A little farther onwards I reached the corner of Chancery-lane, and vainly I looked for the house which had been the residence of one of the pleasantest and most simple-hearted men that ever painted a picture of themselves, and left it for the delight of posterity. Shame on that lucre of gain which prompted some narrow-minded citizen to demolish the roof under which thy head, honest Isaak Walton, once sheltered itself! While peace and contentment, and quiet happiness, have any charm for mankind, the dwelling of gentle Piscator should have been sacred. When the spirits were ruffled and troubled with the world's vexations, it would have been as though oil were cast on the angry waters, if we could have entered a dwelling which the tranquil memory of Isaak Walton still filled. Surely it would have answered upon such a site to have established an angler's shop-nay,

within a few doors of it, on the Temple-bar side, I did observe the indicia of an establishment of the kind-the glass-case containing a pike's head-the stuffed perch-the treacherous wooden frogs-the bright many-coloured flies, and the graceful bend of the rod, from which a golden fish contentedly dangled. Should the shade of Piscator revisit this scene of his earthly sojourn, what pleasing recollections must these memorials inspire! We learn from the life of Piscator, that his first residence in London, as a shopkeeper, was in the Royal Burse, built by Sir Thomas Gresham. Here, indeed, Isaak must have found considerable difficulty in turning himself round, for his shop was only seven feet and a half long and five feet wide. Here did he dwell until the year 1624, when he removed to a house "on the North side of Fleet-street, two doors west of the end of Chancery-lane, abutting on a messuage known by the sign of the Harrow."-From this description, I presume his house occupied the ground upon which Mr. Thomas's Magazine for bonnets, muffs, shawls, and other lady-like paraphernalia, now stands. Walton is said afterwards to remove to Chancery-lane.*

As I turned my eyes to the left, I observed the portals of the Temple; and the tragical story of all the unmerited sufferings and grievous tortures of some of the most valiant spirits of the world came freshly over my mind. I could not, however, afford time to abandon myself to the indignation which the memory of perverted justice is so apt to inspire; I contented myself therefore with bestowing a hearty malediction on that monster of France, Philip-le-bel —“ Il mal di Francia" -" il nuovo Pilato"- as Dante very properly calls him, for commencing the persecution of these brave and innocent men, and on our own Edward II. for so pusillanimously following such evil advice and example.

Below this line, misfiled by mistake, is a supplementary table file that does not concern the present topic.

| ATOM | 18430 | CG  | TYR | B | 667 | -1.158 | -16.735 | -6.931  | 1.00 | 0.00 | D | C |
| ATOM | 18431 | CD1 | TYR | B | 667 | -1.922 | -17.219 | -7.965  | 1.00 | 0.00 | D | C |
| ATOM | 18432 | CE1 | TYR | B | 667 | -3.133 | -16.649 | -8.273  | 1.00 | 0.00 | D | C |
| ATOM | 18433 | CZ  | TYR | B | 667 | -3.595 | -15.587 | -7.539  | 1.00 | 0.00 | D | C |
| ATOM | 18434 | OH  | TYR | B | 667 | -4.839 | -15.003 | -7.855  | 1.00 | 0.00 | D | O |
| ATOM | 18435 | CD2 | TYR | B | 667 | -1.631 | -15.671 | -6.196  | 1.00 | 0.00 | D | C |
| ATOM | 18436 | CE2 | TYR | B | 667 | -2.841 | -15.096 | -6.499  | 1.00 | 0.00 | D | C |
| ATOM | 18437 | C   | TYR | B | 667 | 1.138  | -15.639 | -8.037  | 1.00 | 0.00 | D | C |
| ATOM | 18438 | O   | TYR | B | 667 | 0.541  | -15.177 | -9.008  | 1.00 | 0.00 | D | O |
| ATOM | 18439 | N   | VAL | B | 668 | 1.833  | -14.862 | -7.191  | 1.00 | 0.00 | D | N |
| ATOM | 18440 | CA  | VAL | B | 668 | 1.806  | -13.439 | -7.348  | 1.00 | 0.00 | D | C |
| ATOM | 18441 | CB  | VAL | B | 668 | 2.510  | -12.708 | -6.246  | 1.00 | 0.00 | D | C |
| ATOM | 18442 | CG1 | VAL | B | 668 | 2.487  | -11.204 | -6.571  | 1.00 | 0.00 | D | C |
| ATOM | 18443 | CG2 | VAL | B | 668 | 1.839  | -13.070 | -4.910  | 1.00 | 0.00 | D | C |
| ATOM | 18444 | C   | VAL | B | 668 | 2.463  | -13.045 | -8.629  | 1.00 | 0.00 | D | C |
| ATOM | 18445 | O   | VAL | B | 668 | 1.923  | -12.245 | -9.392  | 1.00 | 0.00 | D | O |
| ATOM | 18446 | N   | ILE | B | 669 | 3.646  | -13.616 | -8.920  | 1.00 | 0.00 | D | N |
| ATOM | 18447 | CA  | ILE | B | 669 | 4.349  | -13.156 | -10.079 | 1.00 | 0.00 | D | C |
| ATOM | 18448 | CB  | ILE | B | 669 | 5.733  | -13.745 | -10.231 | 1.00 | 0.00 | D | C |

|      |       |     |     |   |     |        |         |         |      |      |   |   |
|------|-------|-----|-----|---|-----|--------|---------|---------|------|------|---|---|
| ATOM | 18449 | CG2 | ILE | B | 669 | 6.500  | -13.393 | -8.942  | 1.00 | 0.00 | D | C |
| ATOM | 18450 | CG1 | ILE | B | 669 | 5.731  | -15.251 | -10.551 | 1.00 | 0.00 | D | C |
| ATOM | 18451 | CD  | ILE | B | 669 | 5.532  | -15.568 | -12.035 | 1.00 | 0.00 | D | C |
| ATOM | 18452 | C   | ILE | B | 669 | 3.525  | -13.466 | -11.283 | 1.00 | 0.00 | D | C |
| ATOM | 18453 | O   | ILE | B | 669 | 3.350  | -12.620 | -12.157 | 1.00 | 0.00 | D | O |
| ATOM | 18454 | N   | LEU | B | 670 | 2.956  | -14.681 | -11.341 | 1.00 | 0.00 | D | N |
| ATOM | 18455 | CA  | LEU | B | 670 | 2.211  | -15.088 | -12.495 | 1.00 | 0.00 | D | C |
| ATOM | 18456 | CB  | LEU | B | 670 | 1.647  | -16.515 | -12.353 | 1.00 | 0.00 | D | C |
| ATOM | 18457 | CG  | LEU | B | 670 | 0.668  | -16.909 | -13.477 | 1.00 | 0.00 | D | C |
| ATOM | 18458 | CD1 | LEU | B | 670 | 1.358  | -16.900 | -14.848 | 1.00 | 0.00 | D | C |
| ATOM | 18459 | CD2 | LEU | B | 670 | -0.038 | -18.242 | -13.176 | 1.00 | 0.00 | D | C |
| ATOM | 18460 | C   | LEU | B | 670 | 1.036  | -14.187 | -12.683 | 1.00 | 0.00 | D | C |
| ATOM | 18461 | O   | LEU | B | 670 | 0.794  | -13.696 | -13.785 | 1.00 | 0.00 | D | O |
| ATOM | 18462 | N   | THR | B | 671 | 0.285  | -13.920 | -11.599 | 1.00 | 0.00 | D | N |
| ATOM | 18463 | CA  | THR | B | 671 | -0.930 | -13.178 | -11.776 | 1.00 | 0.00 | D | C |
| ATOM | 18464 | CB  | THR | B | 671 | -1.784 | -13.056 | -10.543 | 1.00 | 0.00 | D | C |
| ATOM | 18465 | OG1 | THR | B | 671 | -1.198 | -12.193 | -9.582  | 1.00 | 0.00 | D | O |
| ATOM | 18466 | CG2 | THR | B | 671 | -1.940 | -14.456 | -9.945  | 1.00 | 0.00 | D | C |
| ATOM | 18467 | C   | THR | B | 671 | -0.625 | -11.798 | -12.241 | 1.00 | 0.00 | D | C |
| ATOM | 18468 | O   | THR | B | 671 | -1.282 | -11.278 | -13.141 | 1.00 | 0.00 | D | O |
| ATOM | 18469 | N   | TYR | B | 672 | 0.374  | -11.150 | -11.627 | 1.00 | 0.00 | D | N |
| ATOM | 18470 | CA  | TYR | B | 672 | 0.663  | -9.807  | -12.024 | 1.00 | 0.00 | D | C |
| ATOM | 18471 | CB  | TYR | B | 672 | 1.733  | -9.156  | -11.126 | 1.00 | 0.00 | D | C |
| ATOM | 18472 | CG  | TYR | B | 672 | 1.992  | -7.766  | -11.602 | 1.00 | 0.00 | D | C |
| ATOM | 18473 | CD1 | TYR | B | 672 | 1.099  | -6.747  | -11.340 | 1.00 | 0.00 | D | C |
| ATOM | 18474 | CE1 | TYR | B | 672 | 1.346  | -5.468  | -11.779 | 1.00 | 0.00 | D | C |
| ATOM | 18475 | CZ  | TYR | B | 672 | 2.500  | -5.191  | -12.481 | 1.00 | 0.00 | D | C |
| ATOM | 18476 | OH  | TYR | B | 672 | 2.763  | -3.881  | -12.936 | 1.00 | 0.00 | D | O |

And this is Temple-bar! this is the grand entrance into “our good City of London"-sufficiently shabby too. Here the Whittingtons for the time being, on each royal visit, shut the gate in their sovereign's face, in order to have the pleasure of opening it to him; and upon this arch the head of many a brave and gallant gentleman has been baked in the sun, in expiation of his misguided zeal. The disgusting practice of exposing the mutilated bodies of State criminals-a practice only suited to the meridian skies of Turkey, seems happily on the decline amongst us. Glorious is the reign in which the blood of the subject flows not for State offences. How glorious does this circumstance render the government of Queen Anne. Let us hope that the reign of George IV. may be distinguished by the same merciful celebrity.

But stay! I must not pass the site of the Devil Tavern, which was close to Temple-bar, without bestowing a thought on thee, O rare Ben Jonson. Here, in a chamber dedicated to Apollo, didst thou and thy choice spirits assemble, to taste, at stated periods, the enjoyments of intellectual conviviality! and here didst thou promulge for the govern

Chancery-lane is famous for being the birth place of the unworthy and unfortunate Lord Strafford.